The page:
I have had the good fortune to win the Meigs Teaching Award and the Owens Research Award, along with the Honoratus Teaching Medal presented by the Honors Program. I also greatly value my membership in Sphinx, the university's oldest service honorary. It has been rewarding over the years to mentor Foundation Fellows, CURO scholars and policy analysts with the Roosevelt Institute. Another highlight was to be named a Visiting Scholar by the national Phi Beta Kappa organization, joining the late Lamar Dodd to become UGA's second recipient of this honor. I was pleased, as well, to lead the efforts on campus to create the School of Public and International Affairs (2001); the University's Service Memorial, located next to the Miller Learning Center (2005); and the Abraham Baldwin statue near Old College (2011).
What are your latest books?
The Threat on the Horizon: An Inside Account of America's Search for Security After the Cold War (New York: Oxford University Press), and National Security Intelligence: Secret Operations in Defense of the Democracies (Cambridge: Polity) were both published this year.
How does your research or scholarship inspire your teaching?
My research is policy oriented. I believe in applying knowledge to problem-solving. As I investigate contemporary foreign policy and intelligence dilemmas, I am sensitive to possibilities for the United States to improve its global relations. Further, I search for ways to use our intelligence agencies for the purpose of advancing democracy everywhere, through a better understanding of how to defeat rogue nations and terrorist factions. In the classroom, my first objective is to ensure that students understand the facts, the theories and the laws related to international affairs; then we turn to an examination of values, posing the question: What reforms might make this a more just world?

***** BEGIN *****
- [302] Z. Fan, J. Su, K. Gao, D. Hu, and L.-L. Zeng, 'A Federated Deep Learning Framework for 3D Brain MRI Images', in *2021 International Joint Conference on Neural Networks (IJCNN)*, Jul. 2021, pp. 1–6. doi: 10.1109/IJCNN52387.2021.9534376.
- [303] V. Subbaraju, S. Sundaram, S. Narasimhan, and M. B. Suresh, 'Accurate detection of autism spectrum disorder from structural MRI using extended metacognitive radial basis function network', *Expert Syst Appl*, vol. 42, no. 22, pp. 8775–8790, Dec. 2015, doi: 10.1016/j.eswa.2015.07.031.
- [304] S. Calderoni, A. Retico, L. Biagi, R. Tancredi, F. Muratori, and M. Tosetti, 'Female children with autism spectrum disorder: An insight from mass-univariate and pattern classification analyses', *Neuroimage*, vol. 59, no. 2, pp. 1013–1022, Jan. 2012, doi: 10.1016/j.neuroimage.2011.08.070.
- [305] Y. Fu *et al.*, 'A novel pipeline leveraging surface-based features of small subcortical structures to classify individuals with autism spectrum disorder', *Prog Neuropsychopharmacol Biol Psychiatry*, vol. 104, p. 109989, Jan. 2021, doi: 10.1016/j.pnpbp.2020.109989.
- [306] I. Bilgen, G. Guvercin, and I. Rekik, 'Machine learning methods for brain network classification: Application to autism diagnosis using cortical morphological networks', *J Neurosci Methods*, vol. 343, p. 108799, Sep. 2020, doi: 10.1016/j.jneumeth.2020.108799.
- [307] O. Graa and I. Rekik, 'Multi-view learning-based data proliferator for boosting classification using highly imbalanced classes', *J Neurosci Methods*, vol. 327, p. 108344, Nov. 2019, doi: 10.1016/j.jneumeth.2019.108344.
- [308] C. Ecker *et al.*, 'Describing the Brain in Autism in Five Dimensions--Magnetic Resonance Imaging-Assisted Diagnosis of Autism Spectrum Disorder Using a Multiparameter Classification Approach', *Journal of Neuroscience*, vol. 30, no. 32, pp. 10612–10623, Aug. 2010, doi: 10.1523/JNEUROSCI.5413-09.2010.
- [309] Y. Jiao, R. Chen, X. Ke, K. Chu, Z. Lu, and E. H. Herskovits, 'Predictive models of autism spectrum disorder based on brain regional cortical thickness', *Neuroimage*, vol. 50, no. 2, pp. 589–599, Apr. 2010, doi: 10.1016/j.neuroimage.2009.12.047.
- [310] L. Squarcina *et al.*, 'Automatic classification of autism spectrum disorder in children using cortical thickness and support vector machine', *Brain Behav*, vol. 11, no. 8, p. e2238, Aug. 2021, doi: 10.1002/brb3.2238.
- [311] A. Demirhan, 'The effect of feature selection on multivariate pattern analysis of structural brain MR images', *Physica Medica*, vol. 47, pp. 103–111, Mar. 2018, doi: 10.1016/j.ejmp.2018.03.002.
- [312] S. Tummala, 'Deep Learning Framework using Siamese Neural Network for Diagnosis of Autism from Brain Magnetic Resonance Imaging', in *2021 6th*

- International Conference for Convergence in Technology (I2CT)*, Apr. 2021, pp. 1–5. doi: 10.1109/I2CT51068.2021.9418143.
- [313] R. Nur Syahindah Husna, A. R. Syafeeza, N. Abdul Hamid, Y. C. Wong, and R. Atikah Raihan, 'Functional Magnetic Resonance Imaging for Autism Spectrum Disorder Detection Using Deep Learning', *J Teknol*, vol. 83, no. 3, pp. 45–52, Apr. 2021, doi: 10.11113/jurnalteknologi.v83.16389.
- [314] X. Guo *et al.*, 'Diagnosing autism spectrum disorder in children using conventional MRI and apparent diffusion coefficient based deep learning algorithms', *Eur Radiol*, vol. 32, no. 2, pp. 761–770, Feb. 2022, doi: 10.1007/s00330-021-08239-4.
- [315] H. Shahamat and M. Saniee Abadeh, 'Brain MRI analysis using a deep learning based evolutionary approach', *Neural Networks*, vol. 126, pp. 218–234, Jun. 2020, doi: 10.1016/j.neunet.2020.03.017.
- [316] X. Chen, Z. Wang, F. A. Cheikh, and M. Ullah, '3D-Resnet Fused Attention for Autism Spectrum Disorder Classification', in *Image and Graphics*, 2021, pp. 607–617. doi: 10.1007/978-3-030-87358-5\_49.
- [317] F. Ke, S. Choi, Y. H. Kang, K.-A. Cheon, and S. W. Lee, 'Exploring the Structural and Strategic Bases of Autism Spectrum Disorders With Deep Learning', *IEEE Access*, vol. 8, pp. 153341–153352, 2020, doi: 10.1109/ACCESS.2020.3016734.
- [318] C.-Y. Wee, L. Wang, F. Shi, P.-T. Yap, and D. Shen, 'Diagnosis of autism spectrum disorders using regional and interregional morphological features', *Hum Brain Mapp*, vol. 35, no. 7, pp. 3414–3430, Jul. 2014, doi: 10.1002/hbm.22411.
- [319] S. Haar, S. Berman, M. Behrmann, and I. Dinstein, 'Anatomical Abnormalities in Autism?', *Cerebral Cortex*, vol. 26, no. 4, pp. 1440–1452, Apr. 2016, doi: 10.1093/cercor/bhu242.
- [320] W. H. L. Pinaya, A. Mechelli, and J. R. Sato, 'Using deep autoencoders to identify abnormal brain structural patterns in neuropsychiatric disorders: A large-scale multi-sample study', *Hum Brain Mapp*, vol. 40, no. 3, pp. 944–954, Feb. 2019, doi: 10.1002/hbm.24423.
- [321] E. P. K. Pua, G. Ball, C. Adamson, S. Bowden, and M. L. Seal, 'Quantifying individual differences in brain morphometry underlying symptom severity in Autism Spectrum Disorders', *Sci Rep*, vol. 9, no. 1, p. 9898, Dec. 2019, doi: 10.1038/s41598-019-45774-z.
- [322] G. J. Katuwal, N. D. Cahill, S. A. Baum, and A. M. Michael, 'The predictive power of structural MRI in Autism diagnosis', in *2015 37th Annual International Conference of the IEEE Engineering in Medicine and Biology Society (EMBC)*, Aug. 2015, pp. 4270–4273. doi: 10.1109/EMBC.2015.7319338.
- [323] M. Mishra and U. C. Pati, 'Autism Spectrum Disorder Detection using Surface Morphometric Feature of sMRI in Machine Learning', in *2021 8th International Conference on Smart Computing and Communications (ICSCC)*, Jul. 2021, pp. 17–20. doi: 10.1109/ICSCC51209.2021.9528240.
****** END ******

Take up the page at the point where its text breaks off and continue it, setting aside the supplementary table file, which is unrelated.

What do you hope students gain from the classroom experience with you?
I try to impart to students the importance of three skills: the ability to critique any intellectual or policy problem that comes their way; to express themselves clearly in written form; and to speak with confidence as oral advocates. Thinking critically, writing lucidly and speaking forcefully - these are the traits I encourage them to develop.
Describe your ideal student.
The ideal student goes regularly to class, listens intently, takes good notes, engages in classroom discussion, gets to know the professor, goes to office hours and finds someone smarter than they are to study with.
Favorite place to be/thing to do on campus is…
In my off-hours, I relish a run through the woods at the intramural fields near Lake Herrick, and I also like to see if I can hit a golf ball straight on the UGA fairways - though I rarely succeed!
Beyond the UGA campus, I like to…
…go downhill skiing in the winter with my family; in the summer we hike, play golf and travel.
Community/civic involvement includes…
My family and I are deeply involved in community affairs, from service on the local hospital board to spearheading drives to improve our local schools and sports facilities.
My favorite book is Robert Penn Warren's All the King's Men, even more for its beautiful style than its story; my favorite play is Tennessee Williams' Cat on a Hot Tin Roof; and my favorite movie is Zorba the Greek.
Proudest moment at UGA?
After putting in five years to lead the initiative, my proudest moment at UGA was when the Board of Regents officially approved the new School of Public and International Affairs in 2001. The college is thriving and celebrating its tenth anniversary this year.